When Australian multiculturalism appeared some 70 years after the White Australia Policy, it did so as an entirely new paradigm. Our current readings of the ‘success’ or ‘failure’ of multiculturalism need to be tempered by an understanding of just how deeply embedded these narratives are. While multiculturalism has been in place for more than 30 years, the White Australia Policy was in place for more than 70, (and the founding myths begin as early as 1778). As cultural historian Ien Ang has written, while

the legal and formal-political structures of the white Australia policy itself are no longer in place, the mentality that nurtured it is still part of the deep structure of Australian culture. Culture, after all, is much more resistant to change than politics and law; culture is the longue duree of history.[19]




[12] This view seems to have acceptance across a wide range of government sectors, including: Comrie, Neil 1995, Policing multicultural Australia, Paper presented by the Chief Police Commissioner of Victoria to Australian Institute of Criminology Crime in Australia First National Outlook Symposium, Canberra, 5 and 6 June, p. 1; Department of Immigration and Citizenship 1997, Multicultural Australia: The way forward, Message from Council Chairman, Government of Australia, Canberra, p. 1; National Archives of Australia, Research Guide—Immigration to Australia, 1901–39 , p. 1.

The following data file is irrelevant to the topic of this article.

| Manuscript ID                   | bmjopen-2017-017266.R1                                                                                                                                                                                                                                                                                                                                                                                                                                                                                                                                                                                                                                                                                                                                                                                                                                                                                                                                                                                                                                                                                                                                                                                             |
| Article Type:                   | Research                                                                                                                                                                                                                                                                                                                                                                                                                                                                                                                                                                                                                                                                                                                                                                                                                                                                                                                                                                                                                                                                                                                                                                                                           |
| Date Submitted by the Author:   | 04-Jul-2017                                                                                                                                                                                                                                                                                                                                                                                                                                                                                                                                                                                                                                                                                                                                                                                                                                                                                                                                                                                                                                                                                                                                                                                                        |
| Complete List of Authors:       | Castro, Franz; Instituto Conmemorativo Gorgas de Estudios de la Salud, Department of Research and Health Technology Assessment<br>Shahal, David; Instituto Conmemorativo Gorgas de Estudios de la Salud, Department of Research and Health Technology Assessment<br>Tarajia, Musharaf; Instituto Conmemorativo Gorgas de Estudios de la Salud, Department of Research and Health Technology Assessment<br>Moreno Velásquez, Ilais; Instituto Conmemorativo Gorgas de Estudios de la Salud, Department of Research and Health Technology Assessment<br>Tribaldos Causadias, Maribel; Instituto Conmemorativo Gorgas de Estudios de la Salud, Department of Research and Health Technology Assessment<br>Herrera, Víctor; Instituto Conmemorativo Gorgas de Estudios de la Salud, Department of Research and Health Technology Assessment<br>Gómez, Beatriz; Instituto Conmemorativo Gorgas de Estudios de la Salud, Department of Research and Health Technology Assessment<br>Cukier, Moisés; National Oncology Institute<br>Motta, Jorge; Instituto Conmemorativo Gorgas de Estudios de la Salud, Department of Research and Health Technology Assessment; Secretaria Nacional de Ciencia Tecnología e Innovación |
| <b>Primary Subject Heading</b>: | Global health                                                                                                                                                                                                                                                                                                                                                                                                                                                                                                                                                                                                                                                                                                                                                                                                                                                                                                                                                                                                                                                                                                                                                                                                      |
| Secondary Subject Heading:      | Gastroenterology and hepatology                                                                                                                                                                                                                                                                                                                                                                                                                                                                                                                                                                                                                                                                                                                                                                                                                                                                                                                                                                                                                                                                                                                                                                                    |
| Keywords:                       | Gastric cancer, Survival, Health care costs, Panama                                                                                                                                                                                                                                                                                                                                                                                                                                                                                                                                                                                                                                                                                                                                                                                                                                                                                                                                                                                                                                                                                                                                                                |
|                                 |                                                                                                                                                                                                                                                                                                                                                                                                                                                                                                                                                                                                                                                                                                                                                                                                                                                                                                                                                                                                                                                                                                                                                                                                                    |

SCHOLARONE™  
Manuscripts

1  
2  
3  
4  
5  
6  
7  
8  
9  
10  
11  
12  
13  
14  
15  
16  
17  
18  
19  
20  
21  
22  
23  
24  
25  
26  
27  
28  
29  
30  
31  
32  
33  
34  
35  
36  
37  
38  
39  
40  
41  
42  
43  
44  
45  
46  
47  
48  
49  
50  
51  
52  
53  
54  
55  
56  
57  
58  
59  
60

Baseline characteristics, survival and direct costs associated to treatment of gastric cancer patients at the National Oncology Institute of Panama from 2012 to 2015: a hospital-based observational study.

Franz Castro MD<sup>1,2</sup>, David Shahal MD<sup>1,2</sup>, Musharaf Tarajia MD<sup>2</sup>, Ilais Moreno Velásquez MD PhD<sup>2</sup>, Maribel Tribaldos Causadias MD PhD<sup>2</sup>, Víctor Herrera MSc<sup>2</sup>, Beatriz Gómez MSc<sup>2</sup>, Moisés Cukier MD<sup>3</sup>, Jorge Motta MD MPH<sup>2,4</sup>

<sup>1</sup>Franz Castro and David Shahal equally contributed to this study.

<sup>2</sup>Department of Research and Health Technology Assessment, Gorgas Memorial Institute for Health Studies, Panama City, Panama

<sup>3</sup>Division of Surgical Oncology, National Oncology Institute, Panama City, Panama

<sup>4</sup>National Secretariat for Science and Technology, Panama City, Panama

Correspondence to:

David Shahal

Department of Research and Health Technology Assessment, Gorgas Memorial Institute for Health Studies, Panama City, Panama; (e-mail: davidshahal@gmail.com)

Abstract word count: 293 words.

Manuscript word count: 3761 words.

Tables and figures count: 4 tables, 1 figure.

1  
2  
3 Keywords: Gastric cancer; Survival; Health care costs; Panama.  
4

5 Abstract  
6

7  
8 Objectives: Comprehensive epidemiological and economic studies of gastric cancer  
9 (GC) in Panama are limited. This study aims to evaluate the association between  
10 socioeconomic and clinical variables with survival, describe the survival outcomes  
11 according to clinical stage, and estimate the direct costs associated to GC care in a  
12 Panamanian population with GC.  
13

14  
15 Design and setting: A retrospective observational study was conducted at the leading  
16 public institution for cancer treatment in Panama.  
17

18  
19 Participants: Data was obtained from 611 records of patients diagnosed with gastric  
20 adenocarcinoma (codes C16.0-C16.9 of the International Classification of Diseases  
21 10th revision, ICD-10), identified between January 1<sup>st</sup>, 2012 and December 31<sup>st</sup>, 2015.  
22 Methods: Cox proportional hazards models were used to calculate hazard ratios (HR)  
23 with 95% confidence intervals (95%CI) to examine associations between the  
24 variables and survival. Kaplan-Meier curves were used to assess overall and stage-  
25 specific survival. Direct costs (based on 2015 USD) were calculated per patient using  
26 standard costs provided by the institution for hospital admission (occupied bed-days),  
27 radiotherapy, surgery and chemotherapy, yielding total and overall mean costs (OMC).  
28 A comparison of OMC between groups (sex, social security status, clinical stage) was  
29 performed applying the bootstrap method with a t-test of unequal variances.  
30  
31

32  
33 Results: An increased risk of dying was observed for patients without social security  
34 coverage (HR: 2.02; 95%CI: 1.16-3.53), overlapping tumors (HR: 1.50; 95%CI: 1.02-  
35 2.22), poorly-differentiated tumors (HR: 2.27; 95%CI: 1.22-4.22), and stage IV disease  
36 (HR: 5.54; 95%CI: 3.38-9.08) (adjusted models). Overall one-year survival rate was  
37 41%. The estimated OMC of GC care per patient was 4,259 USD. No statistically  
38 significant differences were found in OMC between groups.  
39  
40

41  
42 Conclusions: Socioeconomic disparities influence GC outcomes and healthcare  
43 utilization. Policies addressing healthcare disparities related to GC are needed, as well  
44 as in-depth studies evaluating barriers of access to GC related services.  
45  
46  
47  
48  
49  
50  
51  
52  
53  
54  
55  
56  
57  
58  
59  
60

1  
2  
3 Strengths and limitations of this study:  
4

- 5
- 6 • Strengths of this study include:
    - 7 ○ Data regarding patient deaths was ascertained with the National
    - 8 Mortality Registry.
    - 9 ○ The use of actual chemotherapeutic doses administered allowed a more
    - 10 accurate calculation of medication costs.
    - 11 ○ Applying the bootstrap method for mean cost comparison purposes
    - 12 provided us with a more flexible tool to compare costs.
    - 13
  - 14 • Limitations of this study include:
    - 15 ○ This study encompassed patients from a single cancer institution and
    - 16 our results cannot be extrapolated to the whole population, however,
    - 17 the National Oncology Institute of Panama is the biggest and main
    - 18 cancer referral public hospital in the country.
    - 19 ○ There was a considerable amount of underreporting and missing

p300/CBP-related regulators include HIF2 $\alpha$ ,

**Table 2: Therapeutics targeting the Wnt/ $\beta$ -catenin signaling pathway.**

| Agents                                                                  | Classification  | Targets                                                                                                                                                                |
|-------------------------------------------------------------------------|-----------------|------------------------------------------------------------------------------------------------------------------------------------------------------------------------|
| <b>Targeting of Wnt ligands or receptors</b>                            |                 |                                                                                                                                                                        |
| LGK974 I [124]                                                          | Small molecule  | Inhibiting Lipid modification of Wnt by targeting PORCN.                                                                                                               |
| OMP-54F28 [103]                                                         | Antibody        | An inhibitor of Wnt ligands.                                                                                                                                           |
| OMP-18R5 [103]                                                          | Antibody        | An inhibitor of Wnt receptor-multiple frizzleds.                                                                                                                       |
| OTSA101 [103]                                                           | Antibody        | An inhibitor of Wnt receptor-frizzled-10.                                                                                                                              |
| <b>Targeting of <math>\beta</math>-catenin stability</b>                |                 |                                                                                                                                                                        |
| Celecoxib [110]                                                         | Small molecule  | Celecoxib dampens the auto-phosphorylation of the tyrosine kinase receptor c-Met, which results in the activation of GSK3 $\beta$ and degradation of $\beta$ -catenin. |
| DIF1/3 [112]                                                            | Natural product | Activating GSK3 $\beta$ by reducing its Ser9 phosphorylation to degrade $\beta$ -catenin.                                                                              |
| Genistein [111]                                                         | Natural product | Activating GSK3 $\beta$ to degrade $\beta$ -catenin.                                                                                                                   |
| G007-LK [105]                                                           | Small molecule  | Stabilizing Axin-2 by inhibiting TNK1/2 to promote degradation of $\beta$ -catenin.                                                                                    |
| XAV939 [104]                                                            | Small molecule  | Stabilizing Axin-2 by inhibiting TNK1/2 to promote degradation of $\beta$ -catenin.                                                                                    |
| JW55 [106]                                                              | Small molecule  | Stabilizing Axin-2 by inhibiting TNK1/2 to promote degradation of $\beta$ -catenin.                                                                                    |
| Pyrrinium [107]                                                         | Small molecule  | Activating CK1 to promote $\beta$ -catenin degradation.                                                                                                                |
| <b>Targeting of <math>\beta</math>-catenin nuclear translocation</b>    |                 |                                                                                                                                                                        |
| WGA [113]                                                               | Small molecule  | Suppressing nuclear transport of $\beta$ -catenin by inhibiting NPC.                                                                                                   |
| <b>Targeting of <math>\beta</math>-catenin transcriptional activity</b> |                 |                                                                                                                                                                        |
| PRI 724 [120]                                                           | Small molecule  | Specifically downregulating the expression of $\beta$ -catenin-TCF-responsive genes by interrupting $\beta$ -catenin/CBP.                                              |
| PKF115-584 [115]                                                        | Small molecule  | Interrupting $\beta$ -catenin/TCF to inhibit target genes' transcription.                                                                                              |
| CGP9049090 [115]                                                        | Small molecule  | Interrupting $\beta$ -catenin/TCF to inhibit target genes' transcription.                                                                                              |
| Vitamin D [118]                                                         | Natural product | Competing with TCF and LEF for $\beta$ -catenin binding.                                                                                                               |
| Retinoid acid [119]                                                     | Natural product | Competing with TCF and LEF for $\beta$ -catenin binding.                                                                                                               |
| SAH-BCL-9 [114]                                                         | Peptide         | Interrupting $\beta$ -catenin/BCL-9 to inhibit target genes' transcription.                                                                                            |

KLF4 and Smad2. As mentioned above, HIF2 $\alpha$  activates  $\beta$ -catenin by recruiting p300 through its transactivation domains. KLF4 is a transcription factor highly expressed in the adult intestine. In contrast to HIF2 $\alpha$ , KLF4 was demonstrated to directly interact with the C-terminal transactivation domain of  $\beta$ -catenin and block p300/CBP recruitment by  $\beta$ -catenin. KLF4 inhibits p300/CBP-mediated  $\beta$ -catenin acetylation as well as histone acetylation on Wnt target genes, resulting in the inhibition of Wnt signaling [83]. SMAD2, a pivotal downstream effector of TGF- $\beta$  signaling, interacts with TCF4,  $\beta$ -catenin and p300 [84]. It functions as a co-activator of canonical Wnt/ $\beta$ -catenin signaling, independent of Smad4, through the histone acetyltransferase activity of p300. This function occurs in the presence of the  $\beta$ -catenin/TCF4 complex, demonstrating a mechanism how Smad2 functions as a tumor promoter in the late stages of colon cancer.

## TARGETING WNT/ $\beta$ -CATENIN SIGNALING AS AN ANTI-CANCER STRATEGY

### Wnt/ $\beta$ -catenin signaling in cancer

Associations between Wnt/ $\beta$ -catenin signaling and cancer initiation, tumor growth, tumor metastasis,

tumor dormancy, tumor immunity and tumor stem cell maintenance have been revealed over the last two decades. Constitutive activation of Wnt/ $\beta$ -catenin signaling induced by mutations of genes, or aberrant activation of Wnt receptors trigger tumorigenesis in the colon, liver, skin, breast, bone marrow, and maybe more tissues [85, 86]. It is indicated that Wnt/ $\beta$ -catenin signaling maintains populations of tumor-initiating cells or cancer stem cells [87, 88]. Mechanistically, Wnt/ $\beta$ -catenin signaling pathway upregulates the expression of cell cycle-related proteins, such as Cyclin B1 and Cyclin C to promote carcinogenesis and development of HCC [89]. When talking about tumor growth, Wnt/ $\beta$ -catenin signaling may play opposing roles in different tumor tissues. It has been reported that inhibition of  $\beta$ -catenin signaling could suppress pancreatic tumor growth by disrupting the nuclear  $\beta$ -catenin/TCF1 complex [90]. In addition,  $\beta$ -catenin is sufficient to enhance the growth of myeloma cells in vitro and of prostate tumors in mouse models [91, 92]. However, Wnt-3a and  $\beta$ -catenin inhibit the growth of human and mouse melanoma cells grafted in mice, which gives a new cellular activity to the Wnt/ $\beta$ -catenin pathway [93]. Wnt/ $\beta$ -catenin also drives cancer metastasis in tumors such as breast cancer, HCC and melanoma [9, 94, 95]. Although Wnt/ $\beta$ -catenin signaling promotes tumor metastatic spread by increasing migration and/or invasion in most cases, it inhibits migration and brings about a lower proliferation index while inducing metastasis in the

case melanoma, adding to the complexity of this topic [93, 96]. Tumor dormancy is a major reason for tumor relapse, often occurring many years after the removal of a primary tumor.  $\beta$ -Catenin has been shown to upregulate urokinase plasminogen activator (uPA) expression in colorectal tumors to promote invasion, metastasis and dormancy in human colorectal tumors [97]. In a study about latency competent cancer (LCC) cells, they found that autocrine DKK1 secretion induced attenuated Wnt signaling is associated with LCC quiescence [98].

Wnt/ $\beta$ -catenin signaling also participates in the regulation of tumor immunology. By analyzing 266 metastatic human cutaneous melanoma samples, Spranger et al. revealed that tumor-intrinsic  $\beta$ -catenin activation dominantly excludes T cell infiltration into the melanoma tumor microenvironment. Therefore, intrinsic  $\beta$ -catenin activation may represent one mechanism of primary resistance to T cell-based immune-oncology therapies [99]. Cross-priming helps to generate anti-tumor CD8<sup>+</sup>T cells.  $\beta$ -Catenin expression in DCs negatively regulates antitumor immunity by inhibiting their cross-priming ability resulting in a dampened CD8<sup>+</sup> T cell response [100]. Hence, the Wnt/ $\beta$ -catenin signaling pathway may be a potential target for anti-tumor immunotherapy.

[13] ‘Explore the Harvest of Endurance Scroll—Politics and racism’.

[14] ‘Explore the Harvest of Endurance Scroll—Australian goldrush’.

[15] Kalantzis, Mary 2001, Recognising Diversity, NSW Centenary of Federation Committee Barton Lectures, no. 3, p. 4.

[16] Bulletin, 2 July 1887.

[17] Despite coming from differing disciplines and focal points, a significant number of Australian academics writing on Australian narratives of ‘whiteness’ have argued that these narratives have their origin in issues of territoriality and anxiety about possession of the land. See, for example: Elder, Catriona 2007, Being Australian, Allen & Unwin, Crows Nest, New South Wales; Hage, White Nation; Moreton Robinson, Aileen (ed.) 2004, Whitening Race: Essays in social and cultural criticism, Aboriginal Studies Press, Canberra; Papastergiadis, Nikos 2004, ‘The invasion complex in Australian political culture’, Thesis Eleven, no. 78, pp. 8–27; White, Richard 1981, Inventing Australia: Images and identity 1688–1980, Allen & Unwin, Sydney.

[18] See, for example, Papastergiadis ‘The invasion complex in Australian political culture’, pp. 8–27; Elder, Being Australian, pp. 122–7.

[19] Ang, Ien 2001, Intertwining histories: heritage and diversity, NSW History Council Lecture, Government House, Sydney, 24 September. Reproduced in full in Australian Humanities Review issue 24, December 2001, viewed 1 May 2009, <http://www.australianhumanitiesreview.org/archive/Issue-December-2001/home.html>